[5] See Spider Staging, 87 Wn.2d at 580-84, 555 P.2d 997 (holding Washington had most significant relationship to products liability claims based on products designed in Washington which allegedly injured Kansas resident in Kansas); Zenaida-Garcia, 115 P.3d 1017 (holding Washington had most significant relationship to whether Washington’s 12-year or Oregon’s 8-year statute of repose applied to products liability action for injury to Oregon resident in Oregon allegedly caused by product designed in Washington); see also, gen., Singh v. Edwards Lifesciences Corp., 151 Wn. App. 137, 147-148, 210 P.3d 337, (2009) (California law applied to question of punitive damages against California-based product manufacturer for injury to Washington resident in Washington).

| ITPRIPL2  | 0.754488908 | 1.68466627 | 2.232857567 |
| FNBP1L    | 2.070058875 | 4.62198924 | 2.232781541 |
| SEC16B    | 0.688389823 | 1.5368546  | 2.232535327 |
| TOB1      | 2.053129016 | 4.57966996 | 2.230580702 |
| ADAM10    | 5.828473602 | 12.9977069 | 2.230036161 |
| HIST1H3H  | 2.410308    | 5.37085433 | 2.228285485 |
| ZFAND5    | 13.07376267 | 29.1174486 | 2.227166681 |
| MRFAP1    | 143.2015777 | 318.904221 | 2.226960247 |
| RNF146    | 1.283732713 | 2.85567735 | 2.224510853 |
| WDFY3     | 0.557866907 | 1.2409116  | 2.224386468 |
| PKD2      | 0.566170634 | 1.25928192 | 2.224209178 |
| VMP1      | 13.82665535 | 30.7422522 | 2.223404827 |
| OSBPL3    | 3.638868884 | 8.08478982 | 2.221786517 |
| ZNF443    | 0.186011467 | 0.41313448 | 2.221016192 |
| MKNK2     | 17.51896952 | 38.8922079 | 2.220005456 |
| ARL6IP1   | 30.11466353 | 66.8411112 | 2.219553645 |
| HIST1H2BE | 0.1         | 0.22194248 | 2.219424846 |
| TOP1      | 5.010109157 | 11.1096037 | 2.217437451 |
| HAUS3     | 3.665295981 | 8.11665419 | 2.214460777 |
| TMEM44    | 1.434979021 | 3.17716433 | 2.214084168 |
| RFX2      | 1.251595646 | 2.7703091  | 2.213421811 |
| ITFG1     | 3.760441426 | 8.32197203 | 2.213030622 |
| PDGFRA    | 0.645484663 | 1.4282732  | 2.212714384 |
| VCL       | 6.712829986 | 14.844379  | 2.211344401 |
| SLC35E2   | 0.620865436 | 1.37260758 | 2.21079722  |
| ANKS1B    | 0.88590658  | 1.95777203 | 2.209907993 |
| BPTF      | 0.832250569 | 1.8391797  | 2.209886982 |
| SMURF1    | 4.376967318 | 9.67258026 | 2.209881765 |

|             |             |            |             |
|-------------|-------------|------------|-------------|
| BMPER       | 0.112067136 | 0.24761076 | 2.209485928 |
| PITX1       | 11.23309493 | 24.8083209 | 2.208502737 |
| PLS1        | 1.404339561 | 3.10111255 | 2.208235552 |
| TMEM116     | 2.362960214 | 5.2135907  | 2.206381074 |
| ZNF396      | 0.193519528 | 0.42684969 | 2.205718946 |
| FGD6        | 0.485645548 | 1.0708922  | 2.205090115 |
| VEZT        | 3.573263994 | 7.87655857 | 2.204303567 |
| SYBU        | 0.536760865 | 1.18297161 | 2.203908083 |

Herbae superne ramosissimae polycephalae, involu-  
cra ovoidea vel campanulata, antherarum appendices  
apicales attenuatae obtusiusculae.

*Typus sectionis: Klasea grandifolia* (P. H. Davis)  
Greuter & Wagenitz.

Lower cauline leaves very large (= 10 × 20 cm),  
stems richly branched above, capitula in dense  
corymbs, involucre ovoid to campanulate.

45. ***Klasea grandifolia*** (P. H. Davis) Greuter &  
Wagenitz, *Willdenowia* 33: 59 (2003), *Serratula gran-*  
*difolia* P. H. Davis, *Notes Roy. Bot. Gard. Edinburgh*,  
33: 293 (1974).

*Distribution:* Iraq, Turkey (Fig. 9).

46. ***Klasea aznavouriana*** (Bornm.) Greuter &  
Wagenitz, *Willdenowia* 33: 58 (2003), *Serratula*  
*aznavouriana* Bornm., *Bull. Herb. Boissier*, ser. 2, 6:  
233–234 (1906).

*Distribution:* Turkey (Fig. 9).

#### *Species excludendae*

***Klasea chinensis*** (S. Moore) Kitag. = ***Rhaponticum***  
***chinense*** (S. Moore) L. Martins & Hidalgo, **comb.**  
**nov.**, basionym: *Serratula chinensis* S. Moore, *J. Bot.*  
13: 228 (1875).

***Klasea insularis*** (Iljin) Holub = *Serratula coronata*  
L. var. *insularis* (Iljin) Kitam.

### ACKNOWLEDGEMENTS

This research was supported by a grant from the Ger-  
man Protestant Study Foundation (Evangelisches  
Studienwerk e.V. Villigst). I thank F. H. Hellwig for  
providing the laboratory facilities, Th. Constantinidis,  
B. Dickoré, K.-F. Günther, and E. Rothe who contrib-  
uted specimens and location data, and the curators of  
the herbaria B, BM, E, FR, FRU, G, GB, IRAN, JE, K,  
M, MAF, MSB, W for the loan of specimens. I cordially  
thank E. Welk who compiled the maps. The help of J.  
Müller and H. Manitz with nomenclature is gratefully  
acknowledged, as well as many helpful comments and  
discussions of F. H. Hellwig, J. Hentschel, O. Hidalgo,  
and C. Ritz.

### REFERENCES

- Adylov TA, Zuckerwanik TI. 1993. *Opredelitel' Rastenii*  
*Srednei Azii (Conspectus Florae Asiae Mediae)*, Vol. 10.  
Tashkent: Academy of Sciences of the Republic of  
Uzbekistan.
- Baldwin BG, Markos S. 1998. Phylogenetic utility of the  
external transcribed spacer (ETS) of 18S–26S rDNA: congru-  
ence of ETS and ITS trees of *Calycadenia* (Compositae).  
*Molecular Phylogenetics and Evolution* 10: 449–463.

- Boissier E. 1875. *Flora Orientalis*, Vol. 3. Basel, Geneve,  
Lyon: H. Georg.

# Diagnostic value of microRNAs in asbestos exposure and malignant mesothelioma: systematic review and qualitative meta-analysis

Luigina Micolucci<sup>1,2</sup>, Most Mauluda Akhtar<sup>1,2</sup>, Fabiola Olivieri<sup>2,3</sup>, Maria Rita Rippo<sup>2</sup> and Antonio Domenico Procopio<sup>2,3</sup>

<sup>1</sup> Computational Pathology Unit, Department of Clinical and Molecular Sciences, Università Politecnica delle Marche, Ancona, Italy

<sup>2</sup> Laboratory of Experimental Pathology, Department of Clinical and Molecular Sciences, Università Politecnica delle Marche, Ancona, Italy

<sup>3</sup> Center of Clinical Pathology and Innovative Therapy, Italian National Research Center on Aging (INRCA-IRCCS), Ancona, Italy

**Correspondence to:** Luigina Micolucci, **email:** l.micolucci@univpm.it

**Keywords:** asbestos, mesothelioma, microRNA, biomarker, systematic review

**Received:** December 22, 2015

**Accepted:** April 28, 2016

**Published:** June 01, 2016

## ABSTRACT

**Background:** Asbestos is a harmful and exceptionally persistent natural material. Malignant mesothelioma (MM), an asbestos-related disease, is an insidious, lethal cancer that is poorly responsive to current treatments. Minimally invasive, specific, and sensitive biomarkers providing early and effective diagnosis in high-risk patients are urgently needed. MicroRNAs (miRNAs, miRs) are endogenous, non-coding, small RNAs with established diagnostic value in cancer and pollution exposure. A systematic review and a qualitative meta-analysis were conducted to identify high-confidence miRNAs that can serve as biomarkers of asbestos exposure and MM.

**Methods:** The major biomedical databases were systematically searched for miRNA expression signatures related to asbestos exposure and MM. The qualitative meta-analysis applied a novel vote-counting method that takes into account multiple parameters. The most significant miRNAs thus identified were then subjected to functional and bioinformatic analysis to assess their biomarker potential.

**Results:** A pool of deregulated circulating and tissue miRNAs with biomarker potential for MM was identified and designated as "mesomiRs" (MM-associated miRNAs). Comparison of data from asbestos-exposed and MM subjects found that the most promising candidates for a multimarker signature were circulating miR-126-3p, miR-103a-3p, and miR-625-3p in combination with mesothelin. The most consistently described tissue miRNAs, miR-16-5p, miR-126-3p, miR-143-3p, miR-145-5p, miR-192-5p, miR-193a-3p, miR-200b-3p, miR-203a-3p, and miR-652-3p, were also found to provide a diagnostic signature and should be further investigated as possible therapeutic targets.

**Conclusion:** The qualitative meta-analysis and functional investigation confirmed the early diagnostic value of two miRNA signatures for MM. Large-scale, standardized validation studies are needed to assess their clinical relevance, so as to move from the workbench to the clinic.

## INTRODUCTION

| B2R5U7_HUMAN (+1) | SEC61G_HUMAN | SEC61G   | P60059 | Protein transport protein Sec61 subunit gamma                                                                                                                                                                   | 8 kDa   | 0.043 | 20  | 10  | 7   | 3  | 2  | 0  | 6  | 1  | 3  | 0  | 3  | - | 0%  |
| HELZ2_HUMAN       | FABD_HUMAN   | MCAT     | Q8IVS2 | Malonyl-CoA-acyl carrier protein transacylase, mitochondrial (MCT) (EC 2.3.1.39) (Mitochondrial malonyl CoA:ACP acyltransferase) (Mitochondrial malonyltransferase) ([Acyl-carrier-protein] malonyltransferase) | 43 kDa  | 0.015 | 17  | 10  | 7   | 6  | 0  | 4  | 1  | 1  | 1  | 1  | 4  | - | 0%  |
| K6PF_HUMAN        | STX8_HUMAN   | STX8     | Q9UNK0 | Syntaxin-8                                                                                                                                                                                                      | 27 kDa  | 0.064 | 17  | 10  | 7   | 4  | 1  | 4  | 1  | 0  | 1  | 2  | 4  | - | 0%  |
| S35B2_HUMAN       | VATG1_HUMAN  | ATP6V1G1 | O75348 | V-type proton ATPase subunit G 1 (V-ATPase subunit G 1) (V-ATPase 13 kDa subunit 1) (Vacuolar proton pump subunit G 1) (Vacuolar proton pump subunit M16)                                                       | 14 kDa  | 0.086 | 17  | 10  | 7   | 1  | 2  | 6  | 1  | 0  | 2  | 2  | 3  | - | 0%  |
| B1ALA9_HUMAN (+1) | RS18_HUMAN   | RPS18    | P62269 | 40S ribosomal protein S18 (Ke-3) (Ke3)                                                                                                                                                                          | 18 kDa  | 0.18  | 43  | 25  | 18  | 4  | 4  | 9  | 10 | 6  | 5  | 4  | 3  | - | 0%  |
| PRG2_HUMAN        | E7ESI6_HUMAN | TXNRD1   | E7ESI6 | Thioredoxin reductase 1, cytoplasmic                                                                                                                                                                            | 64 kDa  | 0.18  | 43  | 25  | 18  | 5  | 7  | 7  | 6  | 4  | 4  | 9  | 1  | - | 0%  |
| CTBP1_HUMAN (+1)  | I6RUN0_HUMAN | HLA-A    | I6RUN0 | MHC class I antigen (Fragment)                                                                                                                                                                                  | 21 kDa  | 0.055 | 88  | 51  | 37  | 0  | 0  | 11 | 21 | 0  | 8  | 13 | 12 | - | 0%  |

[6] See Sales, 163 Wn.2d at 22-23; Werner v. Werner, 526 P.2d 370, 371 (Wash. 1974) (court may condition dismissal on stipulations that defendants submit to jurisdiction in California and not plead a lapse in the statute of limitations); Wolf v. Boeing Co., 810 P.2d 943 (Wash. Ct. App. 1991) (the trial court has discretion to impose conditions in the order of dismissal for inconvenient forum); Boyer v. Robertson, No. 20044-2, 2002 Wash. App. LEXIS 259, at *5-6, *11 (Wash. Ct. App. Feb. 14, 2002) (concluding adequate alternative forum existed when defendants offered to waive any statute of limitations defense in the proposed alternative forum as part of their motion to dismiss); Weiland v. Gordon, No. 41443-7-I, 1999 Wn. App. LEXIS 178, at *2-3 (Wash. Ct. App. Feb. 1, 1999) (affirming trial court order that conditioned dismissal on submission to jurisdiction in alternative forum and waiver of statute of limitations defense); Contact Lumber Co. v. P.T. Moges Shipping Co., 918 F.2d 1446, 1450 (9th Cir. 1990) (holding the adequacy of the alternative forum is generally satisfied if the court makes dismissal conditional on the defendant’s agreement to submit to the jurisdiction of the alternative forum and waive any statute of limitations defenses); Loya v. Starwood Hotels & Resorts Worldwide, Inc., 583 F.3d 656, 664-667 (9th Cir. 2009) (adequate alternative forum when defendants accepted process, submitted to jurisdiction, and waived limitations defenses). Crystal Co. v. Inchape Shipping Servs., No. 98-167983, 1999 U.S. App. LEXIS 34131, at *3 (9th Cir. Dec. 22, 2009) (ruling that possibility that statute of limitations would bar claims in proposed alternative forum could be cured with a waiver of limitations defense); Villar v. Crowley Maritime Corp., 782 F.2d 1478, 1481-82 (9th Cir. 1986) (adequate forum when dismissal conditioned on waiver of venue, jurisdiction, and limitations defenses).